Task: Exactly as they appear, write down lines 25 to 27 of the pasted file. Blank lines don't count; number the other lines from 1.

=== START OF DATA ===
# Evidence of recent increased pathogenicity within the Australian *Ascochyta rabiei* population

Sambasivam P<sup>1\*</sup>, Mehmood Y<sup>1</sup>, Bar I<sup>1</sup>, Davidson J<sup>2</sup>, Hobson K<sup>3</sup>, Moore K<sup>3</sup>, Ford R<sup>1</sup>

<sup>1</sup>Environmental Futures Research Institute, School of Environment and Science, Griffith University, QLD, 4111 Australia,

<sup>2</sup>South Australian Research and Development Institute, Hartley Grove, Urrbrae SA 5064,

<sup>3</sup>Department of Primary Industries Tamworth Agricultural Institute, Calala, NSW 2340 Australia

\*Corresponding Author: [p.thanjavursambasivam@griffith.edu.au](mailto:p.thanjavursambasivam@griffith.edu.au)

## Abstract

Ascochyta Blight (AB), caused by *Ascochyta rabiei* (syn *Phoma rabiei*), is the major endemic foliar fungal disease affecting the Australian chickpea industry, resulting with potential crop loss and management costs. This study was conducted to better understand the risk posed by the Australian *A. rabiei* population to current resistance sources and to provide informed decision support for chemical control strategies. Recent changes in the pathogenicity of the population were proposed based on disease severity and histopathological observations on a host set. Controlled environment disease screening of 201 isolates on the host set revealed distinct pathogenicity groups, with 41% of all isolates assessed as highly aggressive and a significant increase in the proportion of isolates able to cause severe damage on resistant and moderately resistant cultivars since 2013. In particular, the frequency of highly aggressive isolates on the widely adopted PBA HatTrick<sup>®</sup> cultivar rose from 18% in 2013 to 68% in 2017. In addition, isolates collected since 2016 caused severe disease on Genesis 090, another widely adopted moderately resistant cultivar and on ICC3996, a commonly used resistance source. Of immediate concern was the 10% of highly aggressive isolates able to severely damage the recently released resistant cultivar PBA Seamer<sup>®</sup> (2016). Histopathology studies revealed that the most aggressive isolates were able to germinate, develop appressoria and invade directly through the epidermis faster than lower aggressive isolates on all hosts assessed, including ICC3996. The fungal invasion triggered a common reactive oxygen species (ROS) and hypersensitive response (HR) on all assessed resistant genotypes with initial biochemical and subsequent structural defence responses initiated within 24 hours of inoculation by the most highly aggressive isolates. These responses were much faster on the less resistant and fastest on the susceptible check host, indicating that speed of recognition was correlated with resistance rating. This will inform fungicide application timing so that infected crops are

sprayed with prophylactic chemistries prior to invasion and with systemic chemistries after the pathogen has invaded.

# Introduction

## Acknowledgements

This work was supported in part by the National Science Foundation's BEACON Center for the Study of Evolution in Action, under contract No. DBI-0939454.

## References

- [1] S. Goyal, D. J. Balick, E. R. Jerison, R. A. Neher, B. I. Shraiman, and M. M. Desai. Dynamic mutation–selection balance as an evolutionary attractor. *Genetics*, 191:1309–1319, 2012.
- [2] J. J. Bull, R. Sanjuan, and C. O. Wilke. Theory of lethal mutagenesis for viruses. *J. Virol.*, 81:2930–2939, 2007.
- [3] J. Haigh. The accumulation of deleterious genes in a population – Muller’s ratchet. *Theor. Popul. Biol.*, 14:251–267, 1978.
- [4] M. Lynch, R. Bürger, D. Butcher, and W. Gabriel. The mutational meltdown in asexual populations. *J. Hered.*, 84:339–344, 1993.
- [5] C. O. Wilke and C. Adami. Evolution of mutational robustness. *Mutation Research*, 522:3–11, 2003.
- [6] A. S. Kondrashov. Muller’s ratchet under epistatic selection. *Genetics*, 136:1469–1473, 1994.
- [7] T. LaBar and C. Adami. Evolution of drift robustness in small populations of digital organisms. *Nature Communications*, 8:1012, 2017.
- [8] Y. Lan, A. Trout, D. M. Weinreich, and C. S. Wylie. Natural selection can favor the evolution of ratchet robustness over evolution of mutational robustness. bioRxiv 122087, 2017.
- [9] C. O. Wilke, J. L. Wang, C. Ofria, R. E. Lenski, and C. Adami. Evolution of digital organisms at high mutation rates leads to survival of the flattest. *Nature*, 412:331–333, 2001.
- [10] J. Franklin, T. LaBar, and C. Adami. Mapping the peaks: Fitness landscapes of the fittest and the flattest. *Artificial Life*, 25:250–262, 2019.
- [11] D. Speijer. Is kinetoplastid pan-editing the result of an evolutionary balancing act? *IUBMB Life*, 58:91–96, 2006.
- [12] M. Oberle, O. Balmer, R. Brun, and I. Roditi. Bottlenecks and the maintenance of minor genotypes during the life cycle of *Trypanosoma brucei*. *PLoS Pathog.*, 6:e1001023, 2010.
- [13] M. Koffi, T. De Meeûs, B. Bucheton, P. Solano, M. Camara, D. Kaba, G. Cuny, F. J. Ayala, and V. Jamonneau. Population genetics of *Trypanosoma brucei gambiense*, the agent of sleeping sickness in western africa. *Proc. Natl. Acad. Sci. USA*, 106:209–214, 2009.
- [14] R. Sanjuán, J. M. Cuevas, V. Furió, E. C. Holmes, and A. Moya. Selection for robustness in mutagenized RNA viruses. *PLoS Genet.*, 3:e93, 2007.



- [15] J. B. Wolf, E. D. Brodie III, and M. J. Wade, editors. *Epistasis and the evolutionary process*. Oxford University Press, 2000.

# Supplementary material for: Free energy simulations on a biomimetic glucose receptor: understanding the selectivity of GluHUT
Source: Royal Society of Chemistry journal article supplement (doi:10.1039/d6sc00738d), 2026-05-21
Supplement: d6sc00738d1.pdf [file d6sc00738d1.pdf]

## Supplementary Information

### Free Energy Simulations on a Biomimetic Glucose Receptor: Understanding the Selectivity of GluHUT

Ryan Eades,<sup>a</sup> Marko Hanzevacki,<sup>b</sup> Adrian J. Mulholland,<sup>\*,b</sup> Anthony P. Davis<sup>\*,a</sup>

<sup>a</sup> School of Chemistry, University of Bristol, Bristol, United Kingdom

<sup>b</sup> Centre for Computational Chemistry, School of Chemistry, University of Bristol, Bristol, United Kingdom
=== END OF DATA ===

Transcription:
- [12] M. Oberle, O. Balmer, R. Brun, and I. Roditi. Bottlenecks and the maintenance of minor genotypes during the life cycle of *Trypanosoma brucei*. *PLoS Pathog.*, 6:e1001023, 2010.
- [13] M. Koffi, T. De Meeûs, B. Bucheton, P. Solano, M. Camara, D. Kaba, G. Cuny, F. J. Ayala, and V. Jamonneau. Population genetics of *Trypanosoma brucei gambiense*, the agent of sleeping sickness in western africa. *Proc. Natl. Acad. Sci. USA*, 106:209–214, 2009.
- [14] R. Sanjuán, J. M. Cuevas, V. Furió, E. C. Holmes, and A. Moya. Selection for robustness in mutagenized RNA viruses. *PLoS Genet.*, 3:e93, 2007.